Snoring and feeling tired but don’t have apneas? You may have upper airway resistance syndrome.
Although often people associated sleep apnea with episodes of stopping breathing during sleep, there is a subtype of sleep apnea, upper airway resistance syndrome (UARS), where there is just airway narrowing during sleep rather than the airway getting blocked. People with UARS typically have a history of snoring, which isn’t necessarily loud, together with feeling tired during the day. However, when they have sleep studies there are not episodes of sleep apnea. I still see this situation commonly today, as limited home sleep studies, whilst very good at diagnosing severe obstructive sleep apnea, often miss very subtle changes in breathing and sleep, which is what is seen in upper airway resistance syndrome.
So, if you snore and are tired, but have been told you don’t have sleep apnea, ask your doctor about upper airway resistance syndrome.
History of upper airway resistance syndrome
In the 1980s and early 1990s, Professor Christian Guilleminault from Stanford University had seen a number of people with symptoms of snoring and feeling tired, but no sleep apnea on their sleep studies and began looking at how to better measure breathing during sleep. He suspected that mild airway narrowing was causing resistance and making it harder to breathe during sleep. He thought the increased effort needed to breathe would be sensed by the brain and cause a subtle disturbance of sleep. Although these people didn’t have apneas seen on their sleep studies, there were a lot of subtle sleep disturbances that couldn’t be accounted for.
To look at effort needed to breathe during sleep, Prof Guilleminault monitored a number of people using pressure sensing tubes (oesophageal balloon) in passed through the nose, down in to their oesophagus during sleep. He showed that his theory was correct. People were needed to breathe harder and harder with each breath to get enough air in and this effort then caused subtle disturbance of sleep, called an arousal. He published a number of papers describing this with one of the main papers being in the journal Chest in 1993.
Throughout the 1990s diagnosing upper airway resistance syndrome usually required using an oesophageal balloon. Having had to sleep with one myself and also inserting many in to people being tested for upper airways resistance syndrome, they are not very comfortable. In the late 1990s a new way of measuring airflow began to be described. It used nasal pressure, a small pressure sensing tube in each nostril, and gave similar information to using an oesophageal ballon. This was first described in 1998, and by the early 2000s nasal pressure was coming in to routine use as part of sleep studies around the world.
How is upper airway resistance syndrome diagnosed on a sleep study?
Whilst nasal pressure monitoring is routinely done in sleep studies today, not all laboratories or groups look for upper airway resistance syndrome (UARS). To diagnose UARS, subtle breathing changes that cause sleep disturbance need to be scored. These are called respiratory event related arousals (RERAs), and to score them both a nasal pressure signal and a good quality EEG (brain wave) signal are needed. This usually requires a test to be done in a laboratory rather than at home. Also, not all laboratories score RERAs as it is time consuming to do. So if you think you may have UARS, check with your sleep physician as to whether their laboratory can detect and measure RERAs.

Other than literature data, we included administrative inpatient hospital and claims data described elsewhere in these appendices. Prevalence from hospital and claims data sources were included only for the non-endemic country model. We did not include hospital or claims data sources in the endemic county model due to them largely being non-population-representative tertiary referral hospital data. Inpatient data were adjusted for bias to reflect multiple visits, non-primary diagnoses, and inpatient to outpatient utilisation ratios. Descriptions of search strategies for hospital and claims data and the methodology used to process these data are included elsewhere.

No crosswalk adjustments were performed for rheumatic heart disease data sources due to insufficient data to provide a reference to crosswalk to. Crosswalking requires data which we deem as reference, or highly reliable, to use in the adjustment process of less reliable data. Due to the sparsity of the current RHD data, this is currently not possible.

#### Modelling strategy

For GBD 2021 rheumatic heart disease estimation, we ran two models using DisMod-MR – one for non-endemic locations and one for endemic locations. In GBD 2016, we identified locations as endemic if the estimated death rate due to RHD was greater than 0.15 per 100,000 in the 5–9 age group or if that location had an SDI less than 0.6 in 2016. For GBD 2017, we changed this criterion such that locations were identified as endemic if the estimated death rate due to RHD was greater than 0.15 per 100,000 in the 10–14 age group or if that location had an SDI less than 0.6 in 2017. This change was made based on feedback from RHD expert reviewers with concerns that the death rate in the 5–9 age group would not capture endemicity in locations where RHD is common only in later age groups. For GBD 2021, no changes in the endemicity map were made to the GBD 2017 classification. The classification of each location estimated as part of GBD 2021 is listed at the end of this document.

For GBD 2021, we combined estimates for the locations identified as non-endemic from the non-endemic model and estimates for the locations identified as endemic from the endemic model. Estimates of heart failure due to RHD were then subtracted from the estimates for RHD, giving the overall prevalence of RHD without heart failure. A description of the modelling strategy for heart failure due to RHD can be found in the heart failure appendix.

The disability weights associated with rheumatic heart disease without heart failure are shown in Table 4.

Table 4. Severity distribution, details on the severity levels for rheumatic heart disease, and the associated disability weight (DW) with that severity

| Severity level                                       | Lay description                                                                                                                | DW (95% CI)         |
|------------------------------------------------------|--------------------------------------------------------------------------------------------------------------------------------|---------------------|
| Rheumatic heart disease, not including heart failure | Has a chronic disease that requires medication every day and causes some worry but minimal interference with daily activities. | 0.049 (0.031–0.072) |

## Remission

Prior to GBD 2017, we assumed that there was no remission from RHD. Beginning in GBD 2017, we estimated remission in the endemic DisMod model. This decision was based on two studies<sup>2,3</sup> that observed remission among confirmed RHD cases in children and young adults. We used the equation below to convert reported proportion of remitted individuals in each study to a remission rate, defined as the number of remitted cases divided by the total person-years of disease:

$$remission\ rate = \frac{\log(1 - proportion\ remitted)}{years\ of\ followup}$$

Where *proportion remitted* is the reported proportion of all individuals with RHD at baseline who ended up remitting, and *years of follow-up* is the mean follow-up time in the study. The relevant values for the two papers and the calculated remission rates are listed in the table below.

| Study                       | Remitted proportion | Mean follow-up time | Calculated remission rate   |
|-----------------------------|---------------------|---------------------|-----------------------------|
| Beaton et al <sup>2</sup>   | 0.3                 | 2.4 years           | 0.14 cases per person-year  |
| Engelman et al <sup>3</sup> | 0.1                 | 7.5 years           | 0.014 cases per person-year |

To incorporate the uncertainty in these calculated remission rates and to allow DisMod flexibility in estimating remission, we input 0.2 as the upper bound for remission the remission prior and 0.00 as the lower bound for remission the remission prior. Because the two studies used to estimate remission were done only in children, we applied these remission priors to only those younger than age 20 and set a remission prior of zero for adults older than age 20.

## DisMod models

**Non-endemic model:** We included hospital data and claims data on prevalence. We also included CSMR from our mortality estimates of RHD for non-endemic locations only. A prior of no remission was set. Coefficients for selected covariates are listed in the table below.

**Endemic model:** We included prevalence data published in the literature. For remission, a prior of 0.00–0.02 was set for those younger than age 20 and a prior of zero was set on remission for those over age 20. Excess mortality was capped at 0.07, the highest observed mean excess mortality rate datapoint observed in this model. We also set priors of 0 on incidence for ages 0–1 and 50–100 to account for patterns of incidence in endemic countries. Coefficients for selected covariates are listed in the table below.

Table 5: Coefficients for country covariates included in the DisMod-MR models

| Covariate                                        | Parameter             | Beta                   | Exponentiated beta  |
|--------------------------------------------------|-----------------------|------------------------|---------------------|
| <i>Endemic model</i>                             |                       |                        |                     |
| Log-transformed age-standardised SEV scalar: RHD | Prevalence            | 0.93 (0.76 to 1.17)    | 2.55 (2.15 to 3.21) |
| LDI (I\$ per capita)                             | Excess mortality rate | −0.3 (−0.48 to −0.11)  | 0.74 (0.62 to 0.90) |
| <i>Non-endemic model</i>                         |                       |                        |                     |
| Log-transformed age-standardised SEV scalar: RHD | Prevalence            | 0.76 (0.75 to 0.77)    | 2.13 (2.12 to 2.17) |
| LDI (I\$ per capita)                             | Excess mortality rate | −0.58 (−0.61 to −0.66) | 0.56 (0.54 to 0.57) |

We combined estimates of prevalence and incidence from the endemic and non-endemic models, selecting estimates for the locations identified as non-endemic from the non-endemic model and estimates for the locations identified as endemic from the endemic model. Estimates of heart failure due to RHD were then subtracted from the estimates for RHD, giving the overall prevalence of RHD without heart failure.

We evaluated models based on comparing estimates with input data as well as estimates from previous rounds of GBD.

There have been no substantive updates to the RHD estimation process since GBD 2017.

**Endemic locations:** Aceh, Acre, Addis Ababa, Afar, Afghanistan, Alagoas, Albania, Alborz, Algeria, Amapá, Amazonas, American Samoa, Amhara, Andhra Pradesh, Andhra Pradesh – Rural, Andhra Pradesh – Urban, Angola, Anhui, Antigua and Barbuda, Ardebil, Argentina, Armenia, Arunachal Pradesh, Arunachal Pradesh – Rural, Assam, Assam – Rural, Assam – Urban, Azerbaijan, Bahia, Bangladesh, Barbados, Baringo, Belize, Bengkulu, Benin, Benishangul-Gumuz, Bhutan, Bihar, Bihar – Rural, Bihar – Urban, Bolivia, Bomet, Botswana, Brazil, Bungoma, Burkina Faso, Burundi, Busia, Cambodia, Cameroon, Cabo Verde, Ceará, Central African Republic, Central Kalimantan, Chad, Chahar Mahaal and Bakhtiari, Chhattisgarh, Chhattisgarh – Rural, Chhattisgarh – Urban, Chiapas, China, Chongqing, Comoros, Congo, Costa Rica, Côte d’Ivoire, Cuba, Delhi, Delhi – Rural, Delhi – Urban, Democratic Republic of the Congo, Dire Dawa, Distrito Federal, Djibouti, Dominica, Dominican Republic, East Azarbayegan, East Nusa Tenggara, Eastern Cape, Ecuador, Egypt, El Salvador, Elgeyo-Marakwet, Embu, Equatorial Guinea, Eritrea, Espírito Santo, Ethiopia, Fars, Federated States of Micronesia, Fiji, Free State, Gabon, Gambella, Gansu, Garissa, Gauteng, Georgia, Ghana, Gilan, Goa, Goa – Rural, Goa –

The first example, below, shows a 2 minute portion of a sleep study with episodes of apnea as part of obstructive sleep apnea. The pink trace, 3rd from the bottom is the nasal pressure signal which shows a couple of breaths (trace going up for breathing in and down for breathing out), then a flat line, with no air going in or out. That is despite the chest (blue trace) and abdomen (green trace) going up and down showing the person is trying to breathe. There is a gradual increase in snoring noise (brown trace) until the brain (3 black traces at the top) reacts (an arousal) and the airway opens allowing a couple of bigger breaths.
- Continuous positive airway pressure (CPAP) – Although using CPAP is often associated with sleep apnea, it is actually very effective for UARS.
- Oral appliances such as mandibular advancement splints (MAS) – these are usually very effective at treating UARS and are often better tolerated than CPAP. This makes them my preferred treatment for UARS unless someone has a blocked nose. For more details on using dental appliances see this video.
- Surgery – the main role for surgery in UARS is relief of nasal obstruction. Unlike sleep apnea, where nasal surgery has limited effectiveness, nasal surgery to open up the nose and reduce resistance to breathing in, can be helpful in treating UARS.
Related posts & links:
- Original research paper on UARS
- Information on upper airway resistance syndrome – Centre for Sound Sleep
- Why treat sleep apnea?
- Snoring treatments
- Sleep apnea treatments
- Using dental appliances to treat snoring and sleep apnea
Need more information about how you can sleep better?
At Sleephub we understand the struggle people endure with sleeping problems which is why we have created a comprehensive FAQs page with information for those seeking information about sleep disorders and potential solutions.